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It’s no surprise that our ability to build bone diminishes as we age. After age 50, most individuals begin losing about one percent of their bone mass each year, with the process significantly increasing after menopause.
Given this information, you can expect one to develop conditions like osteoporosis or chronic pain. However, there’s a way to preserve bone mineral density and prevent these conditions from developing. Strength training uses your body weight or additional equipment, like weights and machines, to act as resistance and strengthen muscles.
But how can you incorporate this activity into your fitness regime to support bone health? In this article, you’ll discover how to build stronger bones with strength training and the benefits you’ll experience from having healthy bone density.
No matter our age, we all need and benefit from having good bone health to keep us on our feet and maintain our posture. Having strong bones also protects vital organs and stores nutrients and minerals, allowing you to move safely and release nutrients when you need them.
Without bone health, many individuals will develop pain and fractures that can result in chronic physical conditions like limited mobility and osteoporosis.
Despite many different bone diseases existing, osteoporosis is the most common condition. With osteoporosis, individuals may notice bones becoming weak to a point where fractures are more frequent. Those living with the condition may often see fractures in the spine, wrists, and hips.
While there are plenty of risk factors that may increase the chances of developing the condition, there are some things you can control to mitigate osteoporosis. For example, you can adjust nutrition to prioritize calcium-rich foods like dairy, soybeans, salmon, and almonds.
Not having good bone health can also result in limited mobility, which impacts how freely an individual can move and perform physical activity. Limited mobility can impact an individual’s ability to walk, run, swim, or perform any movements that involve large muscle groups.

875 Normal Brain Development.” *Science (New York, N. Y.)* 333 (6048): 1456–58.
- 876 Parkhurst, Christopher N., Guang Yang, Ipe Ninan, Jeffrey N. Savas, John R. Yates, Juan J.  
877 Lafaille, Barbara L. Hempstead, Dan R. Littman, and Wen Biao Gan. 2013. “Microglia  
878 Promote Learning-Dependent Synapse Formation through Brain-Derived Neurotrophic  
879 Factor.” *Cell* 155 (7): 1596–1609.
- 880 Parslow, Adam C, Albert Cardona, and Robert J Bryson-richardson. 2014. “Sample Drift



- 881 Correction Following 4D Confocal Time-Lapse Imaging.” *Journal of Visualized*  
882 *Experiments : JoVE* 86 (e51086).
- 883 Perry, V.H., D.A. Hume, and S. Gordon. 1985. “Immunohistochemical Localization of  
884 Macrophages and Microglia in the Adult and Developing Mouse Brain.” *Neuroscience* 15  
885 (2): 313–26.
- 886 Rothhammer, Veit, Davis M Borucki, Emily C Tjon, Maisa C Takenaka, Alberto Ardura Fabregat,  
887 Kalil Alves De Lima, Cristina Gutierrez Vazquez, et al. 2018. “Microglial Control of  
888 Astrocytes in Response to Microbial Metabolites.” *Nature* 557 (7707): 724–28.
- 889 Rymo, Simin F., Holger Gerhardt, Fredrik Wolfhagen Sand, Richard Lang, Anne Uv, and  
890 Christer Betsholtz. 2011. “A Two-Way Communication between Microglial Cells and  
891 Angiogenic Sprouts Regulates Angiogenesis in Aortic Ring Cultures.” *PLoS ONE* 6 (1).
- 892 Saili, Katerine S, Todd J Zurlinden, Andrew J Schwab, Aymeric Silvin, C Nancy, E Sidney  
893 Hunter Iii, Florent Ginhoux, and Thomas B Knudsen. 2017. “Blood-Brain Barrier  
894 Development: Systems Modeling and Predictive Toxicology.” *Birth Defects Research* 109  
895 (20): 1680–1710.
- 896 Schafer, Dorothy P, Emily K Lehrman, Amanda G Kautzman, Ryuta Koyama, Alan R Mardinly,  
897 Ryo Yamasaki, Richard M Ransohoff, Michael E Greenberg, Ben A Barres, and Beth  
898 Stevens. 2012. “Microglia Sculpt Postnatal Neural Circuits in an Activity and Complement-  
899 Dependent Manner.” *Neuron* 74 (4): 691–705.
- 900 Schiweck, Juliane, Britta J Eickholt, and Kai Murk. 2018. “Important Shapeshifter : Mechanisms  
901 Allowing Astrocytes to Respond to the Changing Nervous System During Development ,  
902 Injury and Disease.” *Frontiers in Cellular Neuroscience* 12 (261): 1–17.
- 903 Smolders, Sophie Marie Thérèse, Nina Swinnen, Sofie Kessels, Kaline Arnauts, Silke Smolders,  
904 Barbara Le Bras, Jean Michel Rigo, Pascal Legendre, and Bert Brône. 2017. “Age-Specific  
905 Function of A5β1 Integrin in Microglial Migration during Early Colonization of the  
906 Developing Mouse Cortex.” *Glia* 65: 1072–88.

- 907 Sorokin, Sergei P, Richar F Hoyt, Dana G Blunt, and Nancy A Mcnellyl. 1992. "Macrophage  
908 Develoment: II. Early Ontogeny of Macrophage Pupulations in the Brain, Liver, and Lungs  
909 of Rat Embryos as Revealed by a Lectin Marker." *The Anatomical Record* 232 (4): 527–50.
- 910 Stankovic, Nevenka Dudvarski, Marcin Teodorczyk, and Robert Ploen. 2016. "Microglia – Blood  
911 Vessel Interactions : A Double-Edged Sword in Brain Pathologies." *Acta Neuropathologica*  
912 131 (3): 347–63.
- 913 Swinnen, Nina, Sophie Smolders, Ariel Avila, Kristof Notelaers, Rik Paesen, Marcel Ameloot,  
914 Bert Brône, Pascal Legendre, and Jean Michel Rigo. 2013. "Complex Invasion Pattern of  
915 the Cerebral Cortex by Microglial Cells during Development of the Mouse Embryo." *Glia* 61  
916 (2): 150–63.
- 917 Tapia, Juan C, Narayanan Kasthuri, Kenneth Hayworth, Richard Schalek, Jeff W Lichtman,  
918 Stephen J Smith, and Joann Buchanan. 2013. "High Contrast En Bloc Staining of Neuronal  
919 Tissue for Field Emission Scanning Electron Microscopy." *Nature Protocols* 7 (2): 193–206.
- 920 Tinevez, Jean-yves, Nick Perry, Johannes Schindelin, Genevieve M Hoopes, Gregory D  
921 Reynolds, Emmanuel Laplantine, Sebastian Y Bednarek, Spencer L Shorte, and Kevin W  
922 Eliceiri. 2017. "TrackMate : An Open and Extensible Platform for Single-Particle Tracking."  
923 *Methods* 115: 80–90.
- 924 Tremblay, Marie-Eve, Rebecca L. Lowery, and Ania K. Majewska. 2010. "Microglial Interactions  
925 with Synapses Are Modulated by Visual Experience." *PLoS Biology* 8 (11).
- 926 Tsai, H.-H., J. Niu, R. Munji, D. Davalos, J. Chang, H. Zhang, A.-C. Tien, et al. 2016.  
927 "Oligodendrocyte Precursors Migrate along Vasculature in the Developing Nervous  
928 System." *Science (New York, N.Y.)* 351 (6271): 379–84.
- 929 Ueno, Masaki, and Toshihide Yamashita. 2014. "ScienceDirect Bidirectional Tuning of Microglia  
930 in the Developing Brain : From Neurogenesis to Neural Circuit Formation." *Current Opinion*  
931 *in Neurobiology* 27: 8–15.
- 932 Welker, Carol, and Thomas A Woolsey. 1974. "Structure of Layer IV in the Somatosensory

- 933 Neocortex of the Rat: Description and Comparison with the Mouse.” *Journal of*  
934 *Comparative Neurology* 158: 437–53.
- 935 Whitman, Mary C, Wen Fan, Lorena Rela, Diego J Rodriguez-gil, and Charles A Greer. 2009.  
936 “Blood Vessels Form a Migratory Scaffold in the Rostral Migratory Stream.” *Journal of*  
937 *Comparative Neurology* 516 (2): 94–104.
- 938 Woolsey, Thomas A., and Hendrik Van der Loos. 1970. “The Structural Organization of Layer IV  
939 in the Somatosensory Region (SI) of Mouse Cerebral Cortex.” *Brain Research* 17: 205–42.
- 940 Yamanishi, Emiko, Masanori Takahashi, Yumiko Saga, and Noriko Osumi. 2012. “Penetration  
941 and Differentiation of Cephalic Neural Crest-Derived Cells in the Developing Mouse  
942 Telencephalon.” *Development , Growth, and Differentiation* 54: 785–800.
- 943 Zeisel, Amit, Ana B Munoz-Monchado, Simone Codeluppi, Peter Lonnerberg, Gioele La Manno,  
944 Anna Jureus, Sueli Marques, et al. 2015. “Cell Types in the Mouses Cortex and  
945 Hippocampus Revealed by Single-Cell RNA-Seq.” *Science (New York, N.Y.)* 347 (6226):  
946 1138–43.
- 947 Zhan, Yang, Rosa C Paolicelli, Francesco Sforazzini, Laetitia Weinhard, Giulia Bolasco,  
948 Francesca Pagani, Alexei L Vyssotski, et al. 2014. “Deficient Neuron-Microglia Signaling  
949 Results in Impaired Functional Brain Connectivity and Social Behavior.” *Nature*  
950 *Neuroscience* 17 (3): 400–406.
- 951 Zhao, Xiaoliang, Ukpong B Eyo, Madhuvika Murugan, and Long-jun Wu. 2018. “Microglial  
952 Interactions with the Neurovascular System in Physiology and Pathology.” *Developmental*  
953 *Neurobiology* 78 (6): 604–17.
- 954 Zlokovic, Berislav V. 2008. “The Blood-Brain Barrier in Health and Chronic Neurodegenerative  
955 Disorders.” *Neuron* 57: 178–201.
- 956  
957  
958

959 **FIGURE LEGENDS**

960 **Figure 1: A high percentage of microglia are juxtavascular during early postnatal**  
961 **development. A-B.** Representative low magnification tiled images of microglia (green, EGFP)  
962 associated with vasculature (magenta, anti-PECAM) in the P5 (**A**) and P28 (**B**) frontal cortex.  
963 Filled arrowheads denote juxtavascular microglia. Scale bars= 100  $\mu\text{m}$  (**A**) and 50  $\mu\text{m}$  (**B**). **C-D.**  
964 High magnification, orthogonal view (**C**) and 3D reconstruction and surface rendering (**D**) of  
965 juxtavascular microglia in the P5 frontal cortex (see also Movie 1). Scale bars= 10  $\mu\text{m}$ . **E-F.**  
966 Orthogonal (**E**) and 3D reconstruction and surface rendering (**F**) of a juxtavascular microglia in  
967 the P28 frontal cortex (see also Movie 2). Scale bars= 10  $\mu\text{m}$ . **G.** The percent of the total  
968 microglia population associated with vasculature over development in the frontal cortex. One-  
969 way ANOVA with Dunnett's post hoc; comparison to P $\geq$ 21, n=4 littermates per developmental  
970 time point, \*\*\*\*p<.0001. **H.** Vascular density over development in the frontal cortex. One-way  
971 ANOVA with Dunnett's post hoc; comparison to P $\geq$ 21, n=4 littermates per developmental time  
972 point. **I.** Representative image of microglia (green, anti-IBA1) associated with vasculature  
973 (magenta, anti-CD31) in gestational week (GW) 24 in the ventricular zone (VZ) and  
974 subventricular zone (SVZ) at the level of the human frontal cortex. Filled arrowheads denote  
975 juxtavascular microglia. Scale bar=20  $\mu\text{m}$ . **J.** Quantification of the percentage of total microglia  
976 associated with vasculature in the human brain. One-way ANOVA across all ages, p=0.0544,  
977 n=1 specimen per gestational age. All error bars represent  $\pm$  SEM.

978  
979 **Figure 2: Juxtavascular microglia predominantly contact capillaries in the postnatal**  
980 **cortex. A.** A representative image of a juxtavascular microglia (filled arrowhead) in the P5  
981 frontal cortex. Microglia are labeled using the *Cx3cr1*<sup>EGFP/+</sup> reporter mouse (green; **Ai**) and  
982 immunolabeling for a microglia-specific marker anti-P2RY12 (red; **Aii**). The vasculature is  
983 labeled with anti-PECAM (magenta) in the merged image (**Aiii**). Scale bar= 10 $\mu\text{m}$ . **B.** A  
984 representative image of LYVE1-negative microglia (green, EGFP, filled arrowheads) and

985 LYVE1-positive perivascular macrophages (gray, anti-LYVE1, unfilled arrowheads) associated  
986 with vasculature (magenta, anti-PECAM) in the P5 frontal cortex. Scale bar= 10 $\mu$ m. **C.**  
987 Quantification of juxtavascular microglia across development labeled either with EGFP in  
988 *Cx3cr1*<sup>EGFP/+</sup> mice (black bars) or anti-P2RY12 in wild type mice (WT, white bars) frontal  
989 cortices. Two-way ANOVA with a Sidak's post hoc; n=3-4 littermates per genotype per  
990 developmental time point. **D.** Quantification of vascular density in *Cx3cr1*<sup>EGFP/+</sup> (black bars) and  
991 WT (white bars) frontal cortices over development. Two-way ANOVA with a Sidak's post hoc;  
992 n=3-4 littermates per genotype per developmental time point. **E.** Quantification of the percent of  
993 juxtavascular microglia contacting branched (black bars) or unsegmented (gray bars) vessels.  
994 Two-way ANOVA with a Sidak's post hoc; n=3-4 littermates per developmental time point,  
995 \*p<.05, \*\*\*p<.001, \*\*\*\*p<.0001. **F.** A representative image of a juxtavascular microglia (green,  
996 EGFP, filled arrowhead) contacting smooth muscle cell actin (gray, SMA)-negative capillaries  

As for fine motor skills, the disability can affect muscles in the fingers, toes, feet, ankles, and wrists, making it more challenging to grip and manipulate objects with their hands.
Strength training incorporates resistance bands, free weights, and weight machines into functional movements to work as an opposite force against the body. This activity engages muscle groups in intense movements, allowing you to build and maintain strength and muscle mass.
But the benefits of strength training don’t end there. What many don’t realize is that strong muscles result in strong bones and improved density, helping offset the development of age-related conditions.
As you perform movements like squats and deadlifts, the stress accumulated from pushing and tugging on bone activates bone-forming cells, putting them in action.
The more often you strength train, the more your muscle mass, connective tissue, and balance with improve, decreasing the risk of falls and injuries.
There are plenty of movements to consider when wanting to build stronger bones. Below, you’ll discover several exercises to try with or without dumbbells.
You can perform bicep curls with dumbbells up to five pounds or with a resistance band. First, take a dumbbell in each hand or step onto the resistance band by holding opposite ends of the device.